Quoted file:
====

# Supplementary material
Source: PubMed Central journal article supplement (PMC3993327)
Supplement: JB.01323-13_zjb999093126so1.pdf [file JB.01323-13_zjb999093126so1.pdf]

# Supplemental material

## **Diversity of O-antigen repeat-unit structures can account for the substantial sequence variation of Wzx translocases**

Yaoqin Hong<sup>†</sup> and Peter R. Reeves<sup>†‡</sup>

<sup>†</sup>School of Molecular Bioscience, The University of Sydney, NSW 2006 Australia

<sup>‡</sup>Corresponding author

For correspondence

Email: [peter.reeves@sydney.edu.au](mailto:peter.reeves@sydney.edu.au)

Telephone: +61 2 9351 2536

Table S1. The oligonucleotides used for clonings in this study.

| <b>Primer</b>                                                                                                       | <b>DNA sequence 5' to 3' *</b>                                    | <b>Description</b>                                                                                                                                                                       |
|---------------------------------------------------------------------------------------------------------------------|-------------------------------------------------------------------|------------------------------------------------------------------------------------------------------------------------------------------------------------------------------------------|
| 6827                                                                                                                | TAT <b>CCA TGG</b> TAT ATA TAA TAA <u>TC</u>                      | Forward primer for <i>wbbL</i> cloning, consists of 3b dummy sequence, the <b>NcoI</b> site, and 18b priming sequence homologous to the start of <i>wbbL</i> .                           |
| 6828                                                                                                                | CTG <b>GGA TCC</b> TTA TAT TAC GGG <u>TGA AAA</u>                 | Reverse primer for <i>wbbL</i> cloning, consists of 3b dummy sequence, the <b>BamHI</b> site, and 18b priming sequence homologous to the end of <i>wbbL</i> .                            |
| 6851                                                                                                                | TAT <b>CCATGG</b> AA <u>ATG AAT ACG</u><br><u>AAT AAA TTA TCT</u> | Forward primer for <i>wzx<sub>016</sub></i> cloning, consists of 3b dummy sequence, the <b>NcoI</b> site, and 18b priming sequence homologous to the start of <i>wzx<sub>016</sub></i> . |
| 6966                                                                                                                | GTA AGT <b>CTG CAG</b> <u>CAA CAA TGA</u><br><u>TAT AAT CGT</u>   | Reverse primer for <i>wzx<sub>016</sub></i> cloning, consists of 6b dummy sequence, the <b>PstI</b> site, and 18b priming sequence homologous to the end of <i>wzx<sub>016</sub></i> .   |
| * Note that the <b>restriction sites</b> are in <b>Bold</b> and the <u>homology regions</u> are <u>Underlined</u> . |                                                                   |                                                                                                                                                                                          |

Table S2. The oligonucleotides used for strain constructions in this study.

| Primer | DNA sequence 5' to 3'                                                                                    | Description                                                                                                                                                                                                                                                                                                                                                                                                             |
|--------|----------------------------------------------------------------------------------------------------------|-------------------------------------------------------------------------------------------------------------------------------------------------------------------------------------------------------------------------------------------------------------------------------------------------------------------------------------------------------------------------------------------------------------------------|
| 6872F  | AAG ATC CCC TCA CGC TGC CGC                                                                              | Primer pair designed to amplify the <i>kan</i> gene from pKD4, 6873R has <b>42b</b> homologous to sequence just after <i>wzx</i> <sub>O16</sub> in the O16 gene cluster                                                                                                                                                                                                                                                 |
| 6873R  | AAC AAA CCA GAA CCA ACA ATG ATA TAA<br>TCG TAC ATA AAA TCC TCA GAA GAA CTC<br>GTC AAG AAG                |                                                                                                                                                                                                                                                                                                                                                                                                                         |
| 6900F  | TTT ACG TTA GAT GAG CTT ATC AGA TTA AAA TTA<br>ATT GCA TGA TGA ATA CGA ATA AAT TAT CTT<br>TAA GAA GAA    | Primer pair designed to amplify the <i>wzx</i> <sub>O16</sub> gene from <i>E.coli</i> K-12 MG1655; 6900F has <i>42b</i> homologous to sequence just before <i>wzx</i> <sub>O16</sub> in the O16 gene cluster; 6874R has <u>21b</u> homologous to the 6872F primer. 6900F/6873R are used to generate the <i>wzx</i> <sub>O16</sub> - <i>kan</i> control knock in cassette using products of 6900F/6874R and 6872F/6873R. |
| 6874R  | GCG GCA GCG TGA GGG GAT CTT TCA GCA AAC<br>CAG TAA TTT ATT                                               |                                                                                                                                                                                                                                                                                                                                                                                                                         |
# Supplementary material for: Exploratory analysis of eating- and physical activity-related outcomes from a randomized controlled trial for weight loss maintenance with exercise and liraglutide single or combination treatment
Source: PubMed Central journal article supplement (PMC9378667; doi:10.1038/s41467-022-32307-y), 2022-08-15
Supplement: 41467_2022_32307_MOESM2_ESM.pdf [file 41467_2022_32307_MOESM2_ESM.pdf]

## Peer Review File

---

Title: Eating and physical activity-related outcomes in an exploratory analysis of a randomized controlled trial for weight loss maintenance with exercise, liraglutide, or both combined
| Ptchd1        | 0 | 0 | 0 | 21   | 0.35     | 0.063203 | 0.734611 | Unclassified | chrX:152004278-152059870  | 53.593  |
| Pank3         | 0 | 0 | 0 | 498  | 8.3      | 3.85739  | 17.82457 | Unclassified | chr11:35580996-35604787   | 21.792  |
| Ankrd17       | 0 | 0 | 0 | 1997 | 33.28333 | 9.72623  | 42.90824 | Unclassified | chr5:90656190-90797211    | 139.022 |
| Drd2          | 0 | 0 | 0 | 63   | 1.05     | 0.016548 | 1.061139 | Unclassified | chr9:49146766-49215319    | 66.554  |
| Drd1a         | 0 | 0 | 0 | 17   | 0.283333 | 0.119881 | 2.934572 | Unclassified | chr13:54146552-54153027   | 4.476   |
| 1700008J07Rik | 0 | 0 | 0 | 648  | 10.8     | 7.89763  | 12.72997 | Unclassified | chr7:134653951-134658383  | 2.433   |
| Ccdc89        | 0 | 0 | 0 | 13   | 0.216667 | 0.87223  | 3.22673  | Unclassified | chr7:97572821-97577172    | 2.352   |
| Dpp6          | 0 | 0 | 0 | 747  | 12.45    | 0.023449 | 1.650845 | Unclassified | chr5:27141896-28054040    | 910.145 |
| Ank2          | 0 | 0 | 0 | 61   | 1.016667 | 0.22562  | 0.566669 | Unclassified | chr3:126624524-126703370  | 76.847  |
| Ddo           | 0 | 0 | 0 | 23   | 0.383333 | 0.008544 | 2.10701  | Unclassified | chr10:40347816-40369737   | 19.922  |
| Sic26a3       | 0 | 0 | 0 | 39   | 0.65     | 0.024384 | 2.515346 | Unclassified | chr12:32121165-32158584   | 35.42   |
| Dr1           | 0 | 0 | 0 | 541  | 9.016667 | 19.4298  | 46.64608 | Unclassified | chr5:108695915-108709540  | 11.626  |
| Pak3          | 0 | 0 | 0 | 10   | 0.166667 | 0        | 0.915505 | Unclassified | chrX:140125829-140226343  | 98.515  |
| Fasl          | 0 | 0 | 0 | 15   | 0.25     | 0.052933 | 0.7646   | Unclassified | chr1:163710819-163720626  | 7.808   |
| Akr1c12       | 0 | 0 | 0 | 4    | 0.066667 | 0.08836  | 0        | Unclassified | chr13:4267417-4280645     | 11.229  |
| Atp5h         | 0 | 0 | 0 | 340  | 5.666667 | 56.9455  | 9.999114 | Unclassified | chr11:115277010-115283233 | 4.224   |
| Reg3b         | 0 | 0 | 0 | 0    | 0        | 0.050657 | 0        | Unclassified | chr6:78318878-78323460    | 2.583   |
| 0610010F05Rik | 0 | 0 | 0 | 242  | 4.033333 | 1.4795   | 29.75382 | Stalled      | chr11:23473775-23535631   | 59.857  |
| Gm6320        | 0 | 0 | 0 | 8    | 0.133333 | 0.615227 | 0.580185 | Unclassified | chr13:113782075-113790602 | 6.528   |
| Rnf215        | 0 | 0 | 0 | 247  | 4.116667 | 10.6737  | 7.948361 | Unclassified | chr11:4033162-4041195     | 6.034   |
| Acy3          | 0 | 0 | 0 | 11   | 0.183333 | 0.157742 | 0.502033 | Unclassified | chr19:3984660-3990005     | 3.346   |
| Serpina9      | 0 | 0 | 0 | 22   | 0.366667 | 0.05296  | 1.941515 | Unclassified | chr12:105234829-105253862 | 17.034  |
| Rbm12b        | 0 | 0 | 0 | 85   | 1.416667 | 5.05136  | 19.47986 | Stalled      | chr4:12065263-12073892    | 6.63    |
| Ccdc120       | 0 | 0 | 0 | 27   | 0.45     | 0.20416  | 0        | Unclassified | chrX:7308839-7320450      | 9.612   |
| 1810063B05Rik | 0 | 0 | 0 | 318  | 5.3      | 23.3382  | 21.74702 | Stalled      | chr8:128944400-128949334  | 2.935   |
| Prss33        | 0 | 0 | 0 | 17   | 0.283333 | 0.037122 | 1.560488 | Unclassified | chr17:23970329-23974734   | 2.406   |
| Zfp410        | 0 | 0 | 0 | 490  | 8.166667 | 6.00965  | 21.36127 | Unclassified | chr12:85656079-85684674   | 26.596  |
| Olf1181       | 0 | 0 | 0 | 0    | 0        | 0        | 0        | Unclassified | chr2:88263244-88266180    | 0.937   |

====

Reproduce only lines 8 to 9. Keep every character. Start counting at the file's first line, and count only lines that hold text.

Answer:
<sup>‡</sup>Corresponding author

For correspondence